Yet, for reproducible use, Cu-Phen solutions at a molar ratio of 1:1 were found too unstable and molar ratios of 1:2 and 1:3 were used in the next experiments, where the effect of the dye:Cu-Phen ratio was investigated. Results for tested ratios varying between 2:1 and 2:3, at pH 10.7 and 12.3, are presented in Figure 14 and Figure 15. At pH 10.7 (unionized dye), increasing the amount of Cu-Phen reduced significantly the dye absorbance, as a result of increased Cu-dye complexation. Total discoloration was not reached in these conditions and the absorbance decay remained lower than 50%. At pH 12.3 (ionized dye), the absorbance decrease was far less pronounced (almost inexistent). A Cu:Phen ratio of 1:3, not presented here, led to similar results.
As a summary, at pH 12.3, copper complexation has almost no effect and the change of dye color from neutral to alkaline solutions may only be attributed to ionization of the naphthol group of the dye, leading to bathochromic-hypochromic effects. An opposite case is observed at pH 10.7, where coordination between copper and dye are responsible for discoloration. Therefore, the presence of hydroxide ions and phenanthroline in the coordination sphere of copper plays a central role in the observed color-stripping effect, also related to the ionization of the dye at alkaline pH.
Results in Neutral Conditions
Since the dye complexation with Cu-Phen resulted in a stronger reduction of color in the case of pH 10.7 compared to pH 12.3, some tests were performed under near-neutral conditions, at pH 6.5. Controls were also carried out, excluding one component, before studying the complete three-component system (dye-Cu-Phen).
The first control test was a mixture of dye and CuSO4, in which case no precipitation occurred. Comparison with DR81 alone (results not presented) showed a very limited interaction between copper and dye. The second control was performed with pure phenanthroline. No interaction between the dye and phenanthroline occurred, as already seen at higher pHs.
Before studying the UV-vis response of the three-component system, coordination between copper and phenanthroline at near-neutral pH was verified. The EPR spectra obtained from frozen solutions of CuSO4 and Cu-Phen at pH 6.5 are presented in Figure 16.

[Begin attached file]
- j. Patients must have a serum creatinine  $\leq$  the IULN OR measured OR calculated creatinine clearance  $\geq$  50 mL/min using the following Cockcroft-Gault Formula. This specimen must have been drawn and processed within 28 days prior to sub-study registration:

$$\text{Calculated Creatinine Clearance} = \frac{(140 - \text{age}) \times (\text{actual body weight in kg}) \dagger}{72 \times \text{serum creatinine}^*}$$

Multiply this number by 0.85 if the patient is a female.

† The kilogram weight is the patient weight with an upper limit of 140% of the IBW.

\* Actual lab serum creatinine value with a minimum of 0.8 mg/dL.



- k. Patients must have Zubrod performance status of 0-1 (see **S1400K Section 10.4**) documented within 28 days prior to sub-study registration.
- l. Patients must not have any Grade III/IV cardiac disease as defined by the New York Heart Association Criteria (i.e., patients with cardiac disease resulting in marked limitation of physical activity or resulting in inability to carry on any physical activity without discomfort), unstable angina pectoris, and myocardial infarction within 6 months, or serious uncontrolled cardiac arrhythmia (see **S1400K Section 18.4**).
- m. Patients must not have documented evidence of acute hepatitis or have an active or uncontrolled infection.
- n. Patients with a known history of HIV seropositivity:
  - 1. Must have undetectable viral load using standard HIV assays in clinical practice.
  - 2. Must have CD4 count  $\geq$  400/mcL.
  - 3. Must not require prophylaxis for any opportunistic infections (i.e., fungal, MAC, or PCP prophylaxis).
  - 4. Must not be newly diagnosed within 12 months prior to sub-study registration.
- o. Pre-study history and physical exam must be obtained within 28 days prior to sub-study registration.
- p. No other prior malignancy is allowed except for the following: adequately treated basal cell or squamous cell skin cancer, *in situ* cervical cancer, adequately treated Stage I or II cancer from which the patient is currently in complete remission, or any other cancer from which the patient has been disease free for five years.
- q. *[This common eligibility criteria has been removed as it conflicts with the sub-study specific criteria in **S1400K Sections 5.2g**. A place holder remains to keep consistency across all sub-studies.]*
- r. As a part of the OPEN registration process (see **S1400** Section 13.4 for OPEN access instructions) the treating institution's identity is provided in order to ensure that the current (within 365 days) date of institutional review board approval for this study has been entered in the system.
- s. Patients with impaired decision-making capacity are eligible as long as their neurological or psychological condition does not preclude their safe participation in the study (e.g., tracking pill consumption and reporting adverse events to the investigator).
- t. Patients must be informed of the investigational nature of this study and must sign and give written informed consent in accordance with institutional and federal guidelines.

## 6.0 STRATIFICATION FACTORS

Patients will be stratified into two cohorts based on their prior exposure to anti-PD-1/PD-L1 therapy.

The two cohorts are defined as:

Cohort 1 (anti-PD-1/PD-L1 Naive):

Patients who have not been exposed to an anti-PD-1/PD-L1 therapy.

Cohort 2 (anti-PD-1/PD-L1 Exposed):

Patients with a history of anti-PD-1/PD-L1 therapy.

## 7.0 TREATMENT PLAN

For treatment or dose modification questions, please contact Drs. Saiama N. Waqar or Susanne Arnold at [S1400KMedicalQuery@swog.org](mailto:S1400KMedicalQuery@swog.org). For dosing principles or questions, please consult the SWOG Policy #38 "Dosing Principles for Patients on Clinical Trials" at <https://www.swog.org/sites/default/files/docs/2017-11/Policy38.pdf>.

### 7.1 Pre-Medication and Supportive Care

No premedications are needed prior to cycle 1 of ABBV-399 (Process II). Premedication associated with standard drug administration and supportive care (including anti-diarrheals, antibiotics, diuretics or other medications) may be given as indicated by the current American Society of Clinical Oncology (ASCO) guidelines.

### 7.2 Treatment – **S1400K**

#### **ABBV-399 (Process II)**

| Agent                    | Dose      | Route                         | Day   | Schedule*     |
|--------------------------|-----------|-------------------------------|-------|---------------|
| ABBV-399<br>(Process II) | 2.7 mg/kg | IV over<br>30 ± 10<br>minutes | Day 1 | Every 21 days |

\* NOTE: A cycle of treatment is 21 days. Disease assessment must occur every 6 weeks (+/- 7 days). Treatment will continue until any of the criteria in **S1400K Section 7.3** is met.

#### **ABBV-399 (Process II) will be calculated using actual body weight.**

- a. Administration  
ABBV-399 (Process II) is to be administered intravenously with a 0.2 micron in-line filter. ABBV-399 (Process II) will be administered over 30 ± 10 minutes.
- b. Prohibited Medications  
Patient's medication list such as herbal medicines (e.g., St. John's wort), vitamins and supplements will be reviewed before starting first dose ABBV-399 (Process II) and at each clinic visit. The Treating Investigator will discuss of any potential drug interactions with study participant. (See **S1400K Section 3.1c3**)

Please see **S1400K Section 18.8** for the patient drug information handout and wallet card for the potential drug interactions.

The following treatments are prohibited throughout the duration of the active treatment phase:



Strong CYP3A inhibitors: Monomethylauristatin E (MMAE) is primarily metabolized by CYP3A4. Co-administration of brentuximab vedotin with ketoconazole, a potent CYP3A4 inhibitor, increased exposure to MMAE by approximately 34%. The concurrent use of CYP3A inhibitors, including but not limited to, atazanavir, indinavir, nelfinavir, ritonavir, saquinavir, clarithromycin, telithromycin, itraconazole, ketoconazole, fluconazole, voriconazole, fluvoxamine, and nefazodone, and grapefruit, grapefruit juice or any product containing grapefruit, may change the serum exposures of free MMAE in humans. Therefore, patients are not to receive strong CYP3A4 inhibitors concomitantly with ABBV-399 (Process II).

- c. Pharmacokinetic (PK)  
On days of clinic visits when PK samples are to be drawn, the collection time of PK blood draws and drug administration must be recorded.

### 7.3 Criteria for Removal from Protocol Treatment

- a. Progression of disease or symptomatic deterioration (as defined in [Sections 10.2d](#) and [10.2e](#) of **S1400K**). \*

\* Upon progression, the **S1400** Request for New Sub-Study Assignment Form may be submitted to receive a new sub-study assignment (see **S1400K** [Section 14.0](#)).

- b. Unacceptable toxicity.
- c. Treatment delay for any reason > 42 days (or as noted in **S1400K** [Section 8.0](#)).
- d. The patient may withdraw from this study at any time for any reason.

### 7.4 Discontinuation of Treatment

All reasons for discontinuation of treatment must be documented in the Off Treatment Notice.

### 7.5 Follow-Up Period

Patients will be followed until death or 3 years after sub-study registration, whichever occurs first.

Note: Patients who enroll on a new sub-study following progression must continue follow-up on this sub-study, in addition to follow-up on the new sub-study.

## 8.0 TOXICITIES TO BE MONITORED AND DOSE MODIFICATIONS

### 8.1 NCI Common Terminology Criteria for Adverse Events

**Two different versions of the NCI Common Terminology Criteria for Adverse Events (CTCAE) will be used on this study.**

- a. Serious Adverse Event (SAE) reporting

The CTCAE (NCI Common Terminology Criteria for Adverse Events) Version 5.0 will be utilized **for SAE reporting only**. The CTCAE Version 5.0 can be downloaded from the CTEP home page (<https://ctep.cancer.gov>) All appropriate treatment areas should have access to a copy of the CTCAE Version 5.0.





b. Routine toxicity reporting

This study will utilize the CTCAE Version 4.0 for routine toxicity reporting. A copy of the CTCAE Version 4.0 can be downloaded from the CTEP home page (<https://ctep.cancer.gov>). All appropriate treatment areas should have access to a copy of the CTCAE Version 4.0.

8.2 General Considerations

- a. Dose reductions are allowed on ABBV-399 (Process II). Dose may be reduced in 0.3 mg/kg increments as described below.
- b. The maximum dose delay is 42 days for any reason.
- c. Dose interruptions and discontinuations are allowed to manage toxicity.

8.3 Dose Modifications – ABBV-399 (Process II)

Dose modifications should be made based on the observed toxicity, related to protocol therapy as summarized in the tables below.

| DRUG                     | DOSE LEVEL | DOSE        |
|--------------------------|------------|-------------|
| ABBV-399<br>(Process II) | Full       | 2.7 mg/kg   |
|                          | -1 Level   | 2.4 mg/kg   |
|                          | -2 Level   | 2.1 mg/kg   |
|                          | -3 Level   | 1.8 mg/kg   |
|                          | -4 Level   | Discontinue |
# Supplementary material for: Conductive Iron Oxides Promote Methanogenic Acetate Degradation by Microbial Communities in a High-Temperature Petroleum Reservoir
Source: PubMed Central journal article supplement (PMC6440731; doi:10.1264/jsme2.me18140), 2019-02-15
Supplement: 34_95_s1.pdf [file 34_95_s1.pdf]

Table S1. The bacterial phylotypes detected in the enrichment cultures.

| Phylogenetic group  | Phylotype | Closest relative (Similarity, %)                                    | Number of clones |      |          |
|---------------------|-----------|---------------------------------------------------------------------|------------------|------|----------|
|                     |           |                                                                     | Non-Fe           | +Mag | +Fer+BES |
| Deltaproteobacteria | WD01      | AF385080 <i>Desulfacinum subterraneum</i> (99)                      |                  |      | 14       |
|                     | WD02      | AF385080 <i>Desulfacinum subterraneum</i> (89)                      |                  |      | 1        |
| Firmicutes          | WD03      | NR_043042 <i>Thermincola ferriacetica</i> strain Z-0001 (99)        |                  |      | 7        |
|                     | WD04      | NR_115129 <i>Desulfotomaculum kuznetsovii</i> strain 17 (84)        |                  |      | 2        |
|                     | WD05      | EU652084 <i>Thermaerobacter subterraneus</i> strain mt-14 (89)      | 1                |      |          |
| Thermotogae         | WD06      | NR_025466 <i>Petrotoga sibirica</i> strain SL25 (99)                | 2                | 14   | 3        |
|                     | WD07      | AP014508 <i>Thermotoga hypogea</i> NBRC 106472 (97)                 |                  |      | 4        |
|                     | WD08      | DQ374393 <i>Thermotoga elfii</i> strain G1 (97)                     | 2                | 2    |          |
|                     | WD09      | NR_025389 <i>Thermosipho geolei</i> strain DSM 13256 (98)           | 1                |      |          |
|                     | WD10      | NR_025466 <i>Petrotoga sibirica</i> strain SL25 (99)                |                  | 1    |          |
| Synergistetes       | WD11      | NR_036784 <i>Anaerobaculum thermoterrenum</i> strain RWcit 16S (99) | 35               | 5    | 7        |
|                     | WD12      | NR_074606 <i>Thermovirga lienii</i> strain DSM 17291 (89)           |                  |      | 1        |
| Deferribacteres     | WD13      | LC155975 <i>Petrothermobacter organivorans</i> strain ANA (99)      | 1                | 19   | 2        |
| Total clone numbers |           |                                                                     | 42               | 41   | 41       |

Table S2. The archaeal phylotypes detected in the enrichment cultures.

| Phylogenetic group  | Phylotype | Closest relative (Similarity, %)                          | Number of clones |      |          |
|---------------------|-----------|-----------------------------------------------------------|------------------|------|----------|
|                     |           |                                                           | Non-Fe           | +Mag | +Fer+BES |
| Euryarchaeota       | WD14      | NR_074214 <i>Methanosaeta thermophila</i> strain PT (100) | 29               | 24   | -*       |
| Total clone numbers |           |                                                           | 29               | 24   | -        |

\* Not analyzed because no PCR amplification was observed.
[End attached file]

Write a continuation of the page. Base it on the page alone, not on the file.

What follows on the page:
At pH 6.5, the Cu-Phen signal (at 1:1 or 1:2 Cu:Phen molar ratio) was clearly different from that of CuSO4 alone, evidencing copper-phenanthroline coordination. Besides, since both Cu-Phen solutions exhibit the same signal (contrarily to the Cu-Phen signals observed at pH 12.3 in Figure 9), the major coordinates are the same in both cases. According to the speciation calculations by PHREEQC, with [Cu] = 1.5 mM, Cu(Phen)2+ would be the major species when Cu:Phen = 1:1 and Cu(Phen)22+ would replace most of it when Cu:Phen = 1:2. Consequently, it can be hypothesized that the EPR signature of copper is not much modified whether one or two phenanthroline ligands are attached to the copper atom.
Besides, it can be verified that the CuSO4 signal in Figure 16 was different from that observed at alkaline pH in Figure 9, as it did not exhibit the multiple peaks around 3300 G attributed to copper hydroxylation. As a summary, it is experimentally verified here that Cu-Phen complexes are different at neutral and alkaline pH, as shown by the speciation calculations.
Figure 17 shows the UV-vis spectrum of the three-component system (Cu-Phen at 1:2 molar ratio) at pH 6.5. The absorbance of the dye is modified by the presence of Cu-Phen. The pronounced red shift (from 510 to 516.5 nm) and hypochromic effect (20% intensity decrease) observed when adding Cu-Phen evidences coordination. However, the results are somewhat different from those obtained at pH 10.7, where the dye is also unionized. These differences are probably due to the nature of the complexes, influenced by the copper environment at pH 6.5, which is different from that at pH 10.7, as shown by PHREEQC.